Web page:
It is 1957. Marian and Ben, an inter-faith (Catholic and Jewish) couple are working to carve a new life out for themselves in Ireland. After a disastrous meeting with Ben’s parents on the day that Marian gets some shocking news, Marian makes a decision that will eventually be her family’s undoing.
The Whipping Club
by Deborah Henry
T.S. Poetry Press
Young, scared, and faced with impending motherhood, Marian succumbs to the pressure of her Catholic priest Uncle and enters a maternity home to await the arrival of her child. She tells Ben she is taking an extended trip out of town, never disclosing to him that she is expecting their first child together. She has been told that the maternity home nuns will find a suitable adoptive American family and accepts this as what will happen.
Over a decade later, Marian and Ben have married and have a daughter together. Their life together is far from ideal, as Marian is distant and detached, and Ben is weak and near spineless. Their daughter is crying out for their attention, particularly from Marian.
One day, in the midst of their difficult family life, a nurse from the maternity home shows up with some disturbing news: their son, Adrian, never made it to a new home in America. Instead, he was sent to one of the worst orphanages in Ireland.
The story that follows is one of the plight of thousands of children in 1950’s and 60’s Ireland, as unwed mothers found themselves pressured into entering these homes to await the birth of their children. Eventually, those children would either be adopted out or send to live in orphanages.
Deborah Henry weaves the story of one of these families in The Whipping Club. At times creating sympathy, others anger, sometimes hopeful, and in turn hopeless, Henry keeps the reader riding a roller coaster of emotions. At the beginning of the story, I found that I could understand why a young Marian made the decision she did. She had no parents, was in an unexpected situation, and was being stifled by the social stigma created by the time period.
A decade later, I found that Marian was someone with whom I had difficulty sympathizing at times. Once she learned of Adrian’s fate, she did work to correct the decisions of the past. On the other side of that, there were times when Marian displayed an inability to own those decisions and wanted others to pay penance for them. In that same decade, Ben has become an enabler who is just as spineless as ever.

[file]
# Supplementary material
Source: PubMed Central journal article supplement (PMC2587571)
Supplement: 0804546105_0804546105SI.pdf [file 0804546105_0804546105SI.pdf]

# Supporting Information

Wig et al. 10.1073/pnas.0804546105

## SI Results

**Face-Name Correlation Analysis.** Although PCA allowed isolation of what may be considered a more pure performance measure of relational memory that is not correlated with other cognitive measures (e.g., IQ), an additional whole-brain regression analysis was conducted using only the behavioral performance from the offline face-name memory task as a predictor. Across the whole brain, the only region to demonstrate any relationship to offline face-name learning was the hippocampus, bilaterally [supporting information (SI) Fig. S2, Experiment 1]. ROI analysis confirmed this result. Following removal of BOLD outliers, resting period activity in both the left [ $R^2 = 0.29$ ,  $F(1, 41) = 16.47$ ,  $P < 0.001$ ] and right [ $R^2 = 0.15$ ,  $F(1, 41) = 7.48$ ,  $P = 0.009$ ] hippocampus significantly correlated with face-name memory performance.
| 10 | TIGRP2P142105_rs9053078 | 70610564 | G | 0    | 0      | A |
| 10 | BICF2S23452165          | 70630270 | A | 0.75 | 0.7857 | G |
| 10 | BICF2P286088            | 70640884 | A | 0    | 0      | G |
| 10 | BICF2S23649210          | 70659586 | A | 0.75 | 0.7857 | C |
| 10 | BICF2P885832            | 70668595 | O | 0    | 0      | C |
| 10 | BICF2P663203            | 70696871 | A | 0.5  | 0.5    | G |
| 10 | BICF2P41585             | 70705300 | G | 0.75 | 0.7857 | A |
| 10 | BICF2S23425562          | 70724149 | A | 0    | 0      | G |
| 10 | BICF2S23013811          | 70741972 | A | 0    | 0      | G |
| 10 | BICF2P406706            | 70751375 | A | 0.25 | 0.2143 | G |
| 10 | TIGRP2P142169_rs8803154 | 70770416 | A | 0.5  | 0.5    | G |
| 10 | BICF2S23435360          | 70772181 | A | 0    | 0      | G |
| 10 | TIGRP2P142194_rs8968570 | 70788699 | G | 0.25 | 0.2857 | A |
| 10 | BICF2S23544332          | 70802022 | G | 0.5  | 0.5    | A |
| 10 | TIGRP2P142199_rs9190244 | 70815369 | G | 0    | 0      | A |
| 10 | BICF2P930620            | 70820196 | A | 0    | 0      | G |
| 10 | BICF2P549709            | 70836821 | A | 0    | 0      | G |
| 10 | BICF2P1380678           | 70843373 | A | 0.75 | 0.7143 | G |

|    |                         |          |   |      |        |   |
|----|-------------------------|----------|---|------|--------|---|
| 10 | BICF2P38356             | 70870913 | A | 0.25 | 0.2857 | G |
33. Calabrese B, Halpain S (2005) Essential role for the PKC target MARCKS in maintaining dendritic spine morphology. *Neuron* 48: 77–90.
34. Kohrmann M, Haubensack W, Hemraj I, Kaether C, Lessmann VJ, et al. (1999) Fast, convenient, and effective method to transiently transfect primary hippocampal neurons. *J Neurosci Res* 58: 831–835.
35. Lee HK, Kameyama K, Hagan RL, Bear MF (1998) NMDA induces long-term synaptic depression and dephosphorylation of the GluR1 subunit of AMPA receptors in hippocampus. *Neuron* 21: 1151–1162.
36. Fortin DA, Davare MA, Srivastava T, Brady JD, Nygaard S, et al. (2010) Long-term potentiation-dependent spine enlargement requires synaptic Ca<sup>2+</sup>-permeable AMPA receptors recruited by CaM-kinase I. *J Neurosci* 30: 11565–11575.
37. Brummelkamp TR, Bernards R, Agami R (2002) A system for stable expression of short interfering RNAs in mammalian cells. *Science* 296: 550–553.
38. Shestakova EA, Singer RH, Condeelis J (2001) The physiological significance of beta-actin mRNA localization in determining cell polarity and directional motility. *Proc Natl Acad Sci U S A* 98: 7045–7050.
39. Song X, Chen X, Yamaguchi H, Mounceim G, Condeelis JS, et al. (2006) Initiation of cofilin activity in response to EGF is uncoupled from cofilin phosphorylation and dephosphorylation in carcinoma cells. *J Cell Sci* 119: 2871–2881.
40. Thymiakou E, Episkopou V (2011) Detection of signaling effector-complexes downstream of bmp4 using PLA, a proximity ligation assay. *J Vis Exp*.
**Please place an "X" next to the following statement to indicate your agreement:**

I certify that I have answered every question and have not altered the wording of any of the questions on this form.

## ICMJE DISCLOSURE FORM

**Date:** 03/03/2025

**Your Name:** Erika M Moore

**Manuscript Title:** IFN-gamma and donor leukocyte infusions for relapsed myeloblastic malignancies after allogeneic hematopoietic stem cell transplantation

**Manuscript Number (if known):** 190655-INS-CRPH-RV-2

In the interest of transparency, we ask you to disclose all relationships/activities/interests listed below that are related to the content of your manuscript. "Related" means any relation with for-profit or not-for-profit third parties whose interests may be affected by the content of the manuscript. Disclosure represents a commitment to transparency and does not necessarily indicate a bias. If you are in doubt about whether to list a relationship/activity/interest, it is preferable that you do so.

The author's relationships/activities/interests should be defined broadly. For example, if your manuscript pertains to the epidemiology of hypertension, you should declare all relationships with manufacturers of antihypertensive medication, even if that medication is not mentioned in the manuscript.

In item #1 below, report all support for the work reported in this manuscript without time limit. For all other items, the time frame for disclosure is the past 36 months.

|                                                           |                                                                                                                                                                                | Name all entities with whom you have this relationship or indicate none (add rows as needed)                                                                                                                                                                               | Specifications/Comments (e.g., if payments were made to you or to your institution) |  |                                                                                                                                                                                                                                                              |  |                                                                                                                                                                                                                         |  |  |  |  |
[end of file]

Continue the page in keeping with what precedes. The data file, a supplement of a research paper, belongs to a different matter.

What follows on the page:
Mixed in are a collection of others players who seem to be fighting their own demons, their own sins, and their own societal restraints. Every time I thought they were getting to the point where their lives were reaching turning point, Henry throws them another curve ball and they are all back to square one.
In the end, I land on the fence on this one. I kept wanting them all to get their acts together, and it seemed like they never would. Most of the characters, all adults, wanted to blame someone else for the mistakes they had made. There comes a point when you have to own what you have done and take charge. For this novel, it doesn’t come until the novel is almost over. Since I read to escape “real” life, I prefer a little more hope in my fiction. But, that is a personal preference. Henry’s novel is very much true to life, and once I started reading it, I couldn’t put it down.
Robin Gwaro is a founding book review blogger at Bookgateway.com and has generously supplied this review. She describes herself as “a woman just trying to keep it all together. Most days, I have the juggling act down! Others, I have the broom and dustpan handy to clean up the mess. My life is not always easy, it is not always neat, but it is always worth every minute!” Her personal blog is Just Wandering. Not Lost.
This book was provided by the publisher as a review copy.